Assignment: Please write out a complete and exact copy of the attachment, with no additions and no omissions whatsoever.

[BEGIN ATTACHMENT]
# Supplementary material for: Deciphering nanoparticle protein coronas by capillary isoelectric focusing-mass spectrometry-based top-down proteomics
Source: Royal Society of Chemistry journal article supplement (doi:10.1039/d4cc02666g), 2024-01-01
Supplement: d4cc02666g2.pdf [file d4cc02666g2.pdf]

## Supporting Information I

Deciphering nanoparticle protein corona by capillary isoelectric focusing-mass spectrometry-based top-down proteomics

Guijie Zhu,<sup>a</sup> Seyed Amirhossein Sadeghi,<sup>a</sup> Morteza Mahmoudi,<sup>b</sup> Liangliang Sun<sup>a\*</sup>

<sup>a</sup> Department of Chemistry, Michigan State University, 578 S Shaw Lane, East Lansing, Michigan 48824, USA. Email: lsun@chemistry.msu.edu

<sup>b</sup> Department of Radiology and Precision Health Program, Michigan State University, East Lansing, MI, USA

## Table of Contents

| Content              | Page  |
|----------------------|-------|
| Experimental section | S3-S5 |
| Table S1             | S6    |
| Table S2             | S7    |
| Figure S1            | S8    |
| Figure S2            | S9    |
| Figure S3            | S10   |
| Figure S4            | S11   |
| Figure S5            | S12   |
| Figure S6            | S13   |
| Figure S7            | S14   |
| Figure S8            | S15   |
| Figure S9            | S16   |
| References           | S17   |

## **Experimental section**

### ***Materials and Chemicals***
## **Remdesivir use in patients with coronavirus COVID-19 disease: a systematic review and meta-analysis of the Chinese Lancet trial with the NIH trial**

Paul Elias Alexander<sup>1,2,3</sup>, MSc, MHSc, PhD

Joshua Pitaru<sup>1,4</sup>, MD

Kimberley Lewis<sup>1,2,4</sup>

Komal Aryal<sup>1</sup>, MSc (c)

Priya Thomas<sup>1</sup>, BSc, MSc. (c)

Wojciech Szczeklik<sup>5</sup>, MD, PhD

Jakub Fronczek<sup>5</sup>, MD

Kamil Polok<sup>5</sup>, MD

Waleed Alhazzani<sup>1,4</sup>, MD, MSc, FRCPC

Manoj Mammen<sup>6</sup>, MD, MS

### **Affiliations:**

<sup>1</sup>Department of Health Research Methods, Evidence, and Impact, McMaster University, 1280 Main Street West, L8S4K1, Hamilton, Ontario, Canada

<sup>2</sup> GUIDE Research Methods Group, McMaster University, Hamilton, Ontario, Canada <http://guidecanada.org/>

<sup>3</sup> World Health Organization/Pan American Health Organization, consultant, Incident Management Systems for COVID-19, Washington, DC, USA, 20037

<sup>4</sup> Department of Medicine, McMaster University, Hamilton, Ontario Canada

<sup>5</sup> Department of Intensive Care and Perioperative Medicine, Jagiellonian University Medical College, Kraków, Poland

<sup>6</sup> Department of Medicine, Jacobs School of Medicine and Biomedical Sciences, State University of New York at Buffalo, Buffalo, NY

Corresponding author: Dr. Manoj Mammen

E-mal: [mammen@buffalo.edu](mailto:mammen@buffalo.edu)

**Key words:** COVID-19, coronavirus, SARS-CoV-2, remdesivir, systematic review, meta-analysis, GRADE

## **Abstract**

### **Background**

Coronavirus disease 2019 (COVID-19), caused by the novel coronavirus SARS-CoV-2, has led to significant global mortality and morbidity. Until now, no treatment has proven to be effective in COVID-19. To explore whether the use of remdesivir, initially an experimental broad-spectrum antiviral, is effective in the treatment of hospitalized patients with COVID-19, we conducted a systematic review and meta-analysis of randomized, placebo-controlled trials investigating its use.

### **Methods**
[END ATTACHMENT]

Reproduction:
# Supplementary material for: Deciphering nanoparticle protein coronas by capillary isoelectric focusing-mass spectrometry-based top-down proteomics
Source: Royal Society of Chemistry journal article supplement (doi:10.1039/d4cc02666g), 2024-01-01
Supplement: d4cc02666g2.pdf [file d4cc02666g2.pdf]

## Supporting Information I

Deciphering nanoparticle protein corona by capillary isoelectric focusing-mass spectrometry-based top-down proteomics

Guijie Zhu,<sup>a</sup> Seyed Amirhossein Sadeghi,<sup>a</sup> Morteza Mahmoudi,<sup>b</sup> Liangliang Sun<sup>a\*</sup>

<sup>a</sup> Department of Chemistry, Michigan State University, 578 S Shaw Lane, East Lansing, Michigan 48824, USA. Email: lsun@chemistry.msu.edu

<sup>b</sup> Department of Radiology and Precision Health Program, Michigan State University, East Lansing, MI, USA

## Table of Contents

| Content              | Page  |
|----------------------|-------|
| Experimental section | S3-S5 |
| Table S1             | S6    |
| Table S2             | S7    |
| Figure S1            | S8    |
| Figure S2            | S9    |
| Figure S3            | S10   |
| Figure S4            | S11   |
| Figure S5            | S12   |
| Figure S6            | S13   |
| Figure S7            | S14   |
| Figure S8            | S15   |
| Figure S9            | S16   |
| References           | S17   |

## **Experimental section**

### ***Materials and Chemicals***
## **Remdesivir use in patients with coronavirus COVID-19 disease: a systematic review and meta-analysis of the Chinese Lancet trial with the NIH trial**

Paul Elias Alexander<sup>1,2,3</sup>, MSc, MHSc, PhD

Joshua Pitaru<sup>1,4</sup>, MD

Kimberley Lewis<sup>1,2,4</sup>

Komal Aryal<sup>1</sup>, MSc (c)

Priya Thomas<sup>1</sup>, BSc, MSc. (c)

Wojciech Szczeklik<sup>5</sup>, MD, PhD

Jakub Fronczek<sup>5</sup>, MD

Kamil Polok<sup>5</sup>, MD

Waleed Alhazzani<sup>1,4</sup>, MD, MSc, FRCPC

Manoj Mammen<sup>6</sup>, MD, MS

### **Affiliations:**

<sup>1</sup>Department of Health Research Methods, Evidence, and Impact, McMaster University, 1280 Main Street West, L8S4K1, Hamilton, Ontario, Canada

<sup>2</sup> GUIDE Research Methods Group, McMaster University, Hamilton, Ontario, Canada <http://guidecanada.org/>

<sup>3</sup> World Health Organization/Pan American Health Organization, consultant, Incident Management Systems for COVID-19, Washington, DC, USA, 20037

<sup>4</sup> Department of Medicine, McMaster University, Hamilton, Ontario Canada

<sup>5</sup> Department of Intensive Care and Perioperative Medicine, Jagiellonian University Medical College, Kraków, Poland

<sup>6</sup> Department of Medicine, Jacobs School of Medicine and Biomedical Sciences, State University of New York at Buffalo, Buffalo, NY

Corresponding author: Dr. Manoj Mammen

E-mal: [mammen@buffalo.edu](mailto:mammen@buffalo.edu)

**Key words:** COVID-19, coronavirus, SARS-CoV-2, remdesivir, systematic review, meta-analysis, GRADE

## **Abstract**

### **Background**

Coronavirus disease 2019 (COVID-19), caused by the novel coronavirus SARS-CoV-2, has led to significant global mortality and morbidity. Until now, no treatment has proven to be effective in COVID-19. To explore whether the use of remdesivir, initially an experimental broad-spectrum antiviral, is effective in the treatment of hospitalized patients with COVID-19, we conducted a systematic review and meta-analysis of randomized, placebo-controlled trials investigating its use.

### **Methods**